Make America More Expensive for Consumers. It doesn’t quite have the same ring as ‘Make American Great Again’ – U.S. President Donald Trump’s famous 2016 campaign cry. Nonetheless, it’s a more accurate reflection of the impact his trade policies are likely to have on the average American.
Earlier this week, Trump announced a 30-per-cent tariff on solar cells and modules, imported largely from China, as well as a 20-per-cent to 50-per-cent tariff on washing machines and parts from South Korean manufacturers Samsung and LG. It looks to be the opening salvos in the president’s long-promised trade war with Asian countries he believes are taking advantage of American workers. His earlier withdrawal from Trans-Pacific Partnership negotiations (recently concluded without the U.S.), threats to tear up NAFTA, as well as earlier duties imposed on Canadian softwood lumber and current efforts to drive down the value of the American dollar are all variations on the same Trump theme: trade is a game to be won.
Trump’s hyper-competitive belief that trade deficits are for losers is a fixation that dates back to his early days as a real estate developer. “Money was never a big motivation for me,” he wrote in his 1987 memoir Trump: The Art of the Deal. “Except as a way to keep score.” And trade statistics are how he keeps score on a global basis. Evidence that the U.S. runs a large trade deficit, particularly with China and Mexico, thus presents an intolerable situation.
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Of course economists never think about trade as a game. To the rational mind, trade is simply a way for countries to benefit from each other’s comparative advantages, and the resulting competition means consumers get the lowest possible price. Tariffs disrupt this logic and provide an unearned benefit to domestic manufacturers by allowing them to raise prices in the absence of foreign competitors. Sometimes even politicians grasp these ineluctable truths. “Trade is an economic alliance that benefits both countries,” former U.S. president Ronald Reagan said in a 1988 radio address. “There are no losers, only winners. And trade helps strengthen the free world.”
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Regardless of past Republican wisdom, however, Trump has set his country on a collision course with free trade in the interest of saving a few American jobs. “Our action today helps create jobs in America for Americans,” he said Monday when signing the new tariffs into effect. “You’re going to have a lot of plants built in the United States that … would never have come unless we did this.”
So will Trump be a winner when it comes to washing machines? Immediately following his tariff announcement, American appliance manufacturer Whirlpool said it was adding 200 full-time jobs to its washing machine plant in Clyde, Ohio. Score one for the president. On the other hand, an analyst at Goldman Sachs calculated the new tariff will push up washing machine prices across all manufacturers by between eight per cent and 20 per cent as low-price competition is stifled. It will also likely put a damper on new technology in the laundry room – consumer watchdog Consumer Reports points out the two South Korean firms are the most innovative in the marketplace. So any gain in terms of jobs will be met with a loss for consumers. And past experience suggests this sort of trade policy trade-off is far from fair.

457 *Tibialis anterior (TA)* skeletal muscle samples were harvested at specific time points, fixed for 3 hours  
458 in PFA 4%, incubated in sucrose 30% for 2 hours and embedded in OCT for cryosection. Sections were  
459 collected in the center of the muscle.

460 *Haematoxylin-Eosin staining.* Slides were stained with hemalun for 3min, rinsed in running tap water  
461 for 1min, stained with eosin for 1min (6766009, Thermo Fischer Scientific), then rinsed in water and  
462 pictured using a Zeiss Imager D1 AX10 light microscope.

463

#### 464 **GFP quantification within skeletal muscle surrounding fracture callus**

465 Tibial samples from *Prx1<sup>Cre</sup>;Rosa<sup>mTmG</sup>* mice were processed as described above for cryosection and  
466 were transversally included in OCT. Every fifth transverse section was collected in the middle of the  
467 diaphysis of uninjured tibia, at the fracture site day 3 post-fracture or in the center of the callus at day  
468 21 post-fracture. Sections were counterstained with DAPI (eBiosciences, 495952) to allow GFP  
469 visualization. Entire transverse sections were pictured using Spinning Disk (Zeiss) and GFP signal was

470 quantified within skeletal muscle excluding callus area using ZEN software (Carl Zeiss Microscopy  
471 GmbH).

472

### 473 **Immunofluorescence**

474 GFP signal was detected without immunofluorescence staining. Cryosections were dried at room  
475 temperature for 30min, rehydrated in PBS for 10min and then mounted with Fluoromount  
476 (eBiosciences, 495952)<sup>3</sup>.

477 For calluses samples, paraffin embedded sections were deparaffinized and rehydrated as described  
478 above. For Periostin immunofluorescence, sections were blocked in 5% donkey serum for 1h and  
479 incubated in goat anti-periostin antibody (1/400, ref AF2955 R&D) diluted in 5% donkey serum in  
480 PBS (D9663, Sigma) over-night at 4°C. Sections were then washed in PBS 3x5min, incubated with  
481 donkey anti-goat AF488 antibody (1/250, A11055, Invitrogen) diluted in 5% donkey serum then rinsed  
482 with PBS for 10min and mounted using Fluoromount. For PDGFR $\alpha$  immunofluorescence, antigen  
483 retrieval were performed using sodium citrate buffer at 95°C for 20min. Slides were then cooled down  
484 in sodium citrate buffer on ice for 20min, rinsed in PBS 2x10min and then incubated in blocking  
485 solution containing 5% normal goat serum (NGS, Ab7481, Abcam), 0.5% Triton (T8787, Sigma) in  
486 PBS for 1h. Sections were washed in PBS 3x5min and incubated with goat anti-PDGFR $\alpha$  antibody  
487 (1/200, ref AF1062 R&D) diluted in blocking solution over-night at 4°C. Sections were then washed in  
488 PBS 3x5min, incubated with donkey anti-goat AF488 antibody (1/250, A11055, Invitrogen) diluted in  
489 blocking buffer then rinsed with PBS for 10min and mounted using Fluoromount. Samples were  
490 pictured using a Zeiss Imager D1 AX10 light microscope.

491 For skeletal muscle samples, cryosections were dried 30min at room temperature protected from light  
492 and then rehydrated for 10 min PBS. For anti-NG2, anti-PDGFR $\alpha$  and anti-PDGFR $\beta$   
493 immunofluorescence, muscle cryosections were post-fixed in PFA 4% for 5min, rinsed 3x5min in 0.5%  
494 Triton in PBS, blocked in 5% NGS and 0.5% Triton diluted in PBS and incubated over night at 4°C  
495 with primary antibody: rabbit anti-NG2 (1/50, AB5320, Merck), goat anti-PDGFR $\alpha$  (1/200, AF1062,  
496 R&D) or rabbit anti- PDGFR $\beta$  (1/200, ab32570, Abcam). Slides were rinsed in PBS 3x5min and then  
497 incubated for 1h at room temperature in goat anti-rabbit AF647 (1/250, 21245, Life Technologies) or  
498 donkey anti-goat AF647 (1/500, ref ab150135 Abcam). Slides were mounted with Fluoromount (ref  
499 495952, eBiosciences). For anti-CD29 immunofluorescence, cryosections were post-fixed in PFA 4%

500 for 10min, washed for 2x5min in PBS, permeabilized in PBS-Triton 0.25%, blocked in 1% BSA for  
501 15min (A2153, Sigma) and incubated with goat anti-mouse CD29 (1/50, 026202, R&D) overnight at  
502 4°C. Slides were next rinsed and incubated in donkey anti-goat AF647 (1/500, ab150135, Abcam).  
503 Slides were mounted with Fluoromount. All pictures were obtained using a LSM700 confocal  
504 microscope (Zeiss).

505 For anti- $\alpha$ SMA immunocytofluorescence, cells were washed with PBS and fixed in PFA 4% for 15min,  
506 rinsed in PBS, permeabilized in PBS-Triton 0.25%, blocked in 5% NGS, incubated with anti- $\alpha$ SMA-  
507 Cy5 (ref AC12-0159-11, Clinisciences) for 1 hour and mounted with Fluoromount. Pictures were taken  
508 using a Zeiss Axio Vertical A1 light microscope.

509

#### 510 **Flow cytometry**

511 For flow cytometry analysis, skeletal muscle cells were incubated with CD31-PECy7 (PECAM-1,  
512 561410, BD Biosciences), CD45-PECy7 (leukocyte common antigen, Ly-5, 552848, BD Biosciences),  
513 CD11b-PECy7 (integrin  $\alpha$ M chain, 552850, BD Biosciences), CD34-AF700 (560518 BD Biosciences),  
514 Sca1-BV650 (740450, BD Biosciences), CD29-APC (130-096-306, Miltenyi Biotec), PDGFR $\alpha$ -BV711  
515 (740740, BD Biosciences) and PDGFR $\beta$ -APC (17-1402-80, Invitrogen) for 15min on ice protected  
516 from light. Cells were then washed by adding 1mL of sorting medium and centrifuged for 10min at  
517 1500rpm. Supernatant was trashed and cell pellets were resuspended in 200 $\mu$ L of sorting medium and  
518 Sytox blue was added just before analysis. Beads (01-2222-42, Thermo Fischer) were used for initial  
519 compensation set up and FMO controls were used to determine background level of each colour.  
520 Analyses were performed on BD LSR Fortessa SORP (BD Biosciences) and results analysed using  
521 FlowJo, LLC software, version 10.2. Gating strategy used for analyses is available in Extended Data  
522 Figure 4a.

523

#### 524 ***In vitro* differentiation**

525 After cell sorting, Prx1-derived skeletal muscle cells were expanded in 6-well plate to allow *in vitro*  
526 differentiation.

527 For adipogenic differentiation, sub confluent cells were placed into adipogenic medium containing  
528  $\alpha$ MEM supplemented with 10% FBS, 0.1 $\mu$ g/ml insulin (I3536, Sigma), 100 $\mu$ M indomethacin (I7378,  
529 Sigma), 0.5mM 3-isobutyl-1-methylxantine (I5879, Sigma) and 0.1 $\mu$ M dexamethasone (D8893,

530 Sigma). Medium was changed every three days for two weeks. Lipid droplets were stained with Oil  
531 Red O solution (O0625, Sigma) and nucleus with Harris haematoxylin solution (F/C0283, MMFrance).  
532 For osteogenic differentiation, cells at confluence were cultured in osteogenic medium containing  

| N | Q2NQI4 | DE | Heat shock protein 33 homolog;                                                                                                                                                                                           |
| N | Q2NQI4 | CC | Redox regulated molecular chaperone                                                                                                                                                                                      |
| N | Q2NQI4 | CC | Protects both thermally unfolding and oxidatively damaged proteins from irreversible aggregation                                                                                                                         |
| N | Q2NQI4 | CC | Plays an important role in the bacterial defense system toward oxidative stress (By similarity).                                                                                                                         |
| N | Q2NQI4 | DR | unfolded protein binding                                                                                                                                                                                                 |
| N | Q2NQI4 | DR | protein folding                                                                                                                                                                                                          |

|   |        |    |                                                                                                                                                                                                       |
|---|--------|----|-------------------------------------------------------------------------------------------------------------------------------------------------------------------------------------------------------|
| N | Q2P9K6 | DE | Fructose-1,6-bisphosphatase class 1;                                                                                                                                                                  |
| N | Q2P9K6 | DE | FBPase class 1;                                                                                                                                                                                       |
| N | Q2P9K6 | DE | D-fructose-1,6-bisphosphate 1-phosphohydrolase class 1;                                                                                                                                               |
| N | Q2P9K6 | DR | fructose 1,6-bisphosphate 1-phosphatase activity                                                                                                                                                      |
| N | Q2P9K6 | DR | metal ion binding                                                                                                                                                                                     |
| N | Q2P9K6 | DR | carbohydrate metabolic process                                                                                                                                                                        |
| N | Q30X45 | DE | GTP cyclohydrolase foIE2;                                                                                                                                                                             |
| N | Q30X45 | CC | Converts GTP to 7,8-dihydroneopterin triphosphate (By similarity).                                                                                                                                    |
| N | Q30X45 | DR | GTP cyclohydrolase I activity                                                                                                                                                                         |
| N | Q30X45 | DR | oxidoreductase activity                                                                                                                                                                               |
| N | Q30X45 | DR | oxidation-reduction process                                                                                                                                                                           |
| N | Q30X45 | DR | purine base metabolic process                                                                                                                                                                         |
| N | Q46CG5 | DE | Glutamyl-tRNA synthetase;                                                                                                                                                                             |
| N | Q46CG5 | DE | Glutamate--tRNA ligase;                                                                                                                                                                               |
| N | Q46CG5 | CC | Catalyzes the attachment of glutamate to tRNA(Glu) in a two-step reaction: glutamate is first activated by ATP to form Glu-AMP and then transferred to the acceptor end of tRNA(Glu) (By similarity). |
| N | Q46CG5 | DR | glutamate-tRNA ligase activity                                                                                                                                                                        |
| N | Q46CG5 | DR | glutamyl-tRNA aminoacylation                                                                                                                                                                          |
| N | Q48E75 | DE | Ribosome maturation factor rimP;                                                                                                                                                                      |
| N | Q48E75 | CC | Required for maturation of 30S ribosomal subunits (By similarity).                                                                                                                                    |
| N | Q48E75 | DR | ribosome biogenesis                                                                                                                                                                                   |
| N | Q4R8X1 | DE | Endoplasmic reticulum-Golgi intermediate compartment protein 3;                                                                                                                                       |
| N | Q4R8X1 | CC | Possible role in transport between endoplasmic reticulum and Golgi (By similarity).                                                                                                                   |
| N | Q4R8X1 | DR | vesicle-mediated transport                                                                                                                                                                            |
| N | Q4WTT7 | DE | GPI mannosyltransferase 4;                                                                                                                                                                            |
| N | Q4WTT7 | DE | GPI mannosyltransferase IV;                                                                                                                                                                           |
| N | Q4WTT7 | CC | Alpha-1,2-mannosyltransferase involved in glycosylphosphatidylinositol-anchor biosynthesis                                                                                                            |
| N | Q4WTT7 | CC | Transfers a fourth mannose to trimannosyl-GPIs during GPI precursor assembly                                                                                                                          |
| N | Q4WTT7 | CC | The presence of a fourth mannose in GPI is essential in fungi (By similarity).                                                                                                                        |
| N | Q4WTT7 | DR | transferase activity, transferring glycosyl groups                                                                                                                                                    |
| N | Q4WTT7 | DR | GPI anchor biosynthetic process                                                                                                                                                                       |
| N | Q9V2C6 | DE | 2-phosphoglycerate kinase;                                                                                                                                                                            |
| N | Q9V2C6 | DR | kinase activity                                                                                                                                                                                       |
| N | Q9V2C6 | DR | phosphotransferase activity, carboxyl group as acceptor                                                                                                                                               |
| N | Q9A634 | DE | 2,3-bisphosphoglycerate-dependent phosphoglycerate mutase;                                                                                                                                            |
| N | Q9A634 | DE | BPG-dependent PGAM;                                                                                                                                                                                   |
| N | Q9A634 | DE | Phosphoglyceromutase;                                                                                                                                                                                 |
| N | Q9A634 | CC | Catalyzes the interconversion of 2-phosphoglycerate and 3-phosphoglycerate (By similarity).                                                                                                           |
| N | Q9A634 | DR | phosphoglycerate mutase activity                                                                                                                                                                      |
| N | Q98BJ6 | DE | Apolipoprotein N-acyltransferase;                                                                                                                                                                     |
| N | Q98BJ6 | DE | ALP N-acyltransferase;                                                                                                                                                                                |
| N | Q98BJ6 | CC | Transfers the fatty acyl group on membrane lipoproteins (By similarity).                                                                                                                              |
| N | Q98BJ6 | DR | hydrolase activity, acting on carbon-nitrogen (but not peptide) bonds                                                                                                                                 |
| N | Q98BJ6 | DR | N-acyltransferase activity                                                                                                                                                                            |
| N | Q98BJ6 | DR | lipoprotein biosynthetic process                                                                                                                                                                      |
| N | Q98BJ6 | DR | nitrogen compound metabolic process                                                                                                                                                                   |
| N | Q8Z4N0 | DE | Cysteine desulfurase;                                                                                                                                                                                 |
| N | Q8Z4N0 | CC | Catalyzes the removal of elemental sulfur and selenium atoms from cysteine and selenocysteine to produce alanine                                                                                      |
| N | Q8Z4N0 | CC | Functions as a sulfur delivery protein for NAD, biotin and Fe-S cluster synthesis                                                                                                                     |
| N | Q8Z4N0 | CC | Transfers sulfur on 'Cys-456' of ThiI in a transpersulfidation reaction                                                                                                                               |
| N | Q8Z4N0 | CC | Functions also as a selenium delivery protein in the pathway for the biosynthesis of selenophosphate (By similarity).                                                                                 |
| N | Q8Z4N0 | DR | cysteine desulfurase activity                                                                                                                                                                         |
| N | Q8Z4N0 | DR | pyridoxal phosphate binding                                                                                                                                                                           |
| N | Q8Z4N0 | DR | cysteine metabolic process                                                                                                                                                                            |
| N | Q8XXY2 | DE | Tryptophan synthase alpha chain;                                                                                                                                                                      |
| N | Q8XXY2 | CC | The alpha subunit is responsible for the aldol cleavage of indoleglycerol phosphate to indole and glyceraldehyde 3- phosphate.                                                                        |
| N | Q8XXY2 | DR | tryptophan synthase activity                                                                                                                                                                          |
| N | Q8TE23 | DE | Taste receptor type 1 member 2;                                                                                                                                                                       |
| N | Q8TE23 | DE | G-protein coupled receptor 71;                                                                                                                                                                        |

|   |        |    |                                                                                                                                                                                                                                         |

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In 2009 President Barack Obama slapped a 35-per-cent tariff on Chinese car and truck tires, following familiar complaints from American manufacturers about unfair trade practices. Three years later, Obama boasted his measure had created 1,200 jobs in the domestic tire industry—it’s the sort of thing you can easily imagine Trump tweeting about.
But according to calculations by the Peterson Institute for International Economics, the benefit of those 1,200 jobs must be stacked against a host of other costs imposed on the rest of the American economy. Protected from lowest-cost Chinese imports, American tire manufacturers immediately began to raise their prices. The price of imports from competing countries such as Thailand and Indonesia also rose. As a result, domestic tire consumers found themselves paying US$1.1 billion more for tires, on an annual basis, than they would have without the tariff. On a per job basis, that’s US$900,000 per saved job—and at a time when the average U.S. tire factory employee was earning US$40,000 a year. As deals go, that’s a loser. Plus, the Chinese government responded to the tire tariff by slapping a 105-per-cent countervailing duty on U.S. chicken parts, causing a one-year drop in American exports of US$1 billion. Such are the casualties of a trade war.
To save a few manufacturing jobs, U.S. consumers were thus forced to overpay for every tire they bought, whether it was made by an American or not. And innocent chicken producers were caught in a billion-dollar crossfire. American consumers can expect a similar result with washing machines, solar panels and whatever else Trump decides to launch tariffs at in the coming year. By standing in the way of competition, the president is deliberately making life much more expensive for all Americans. Not so great.
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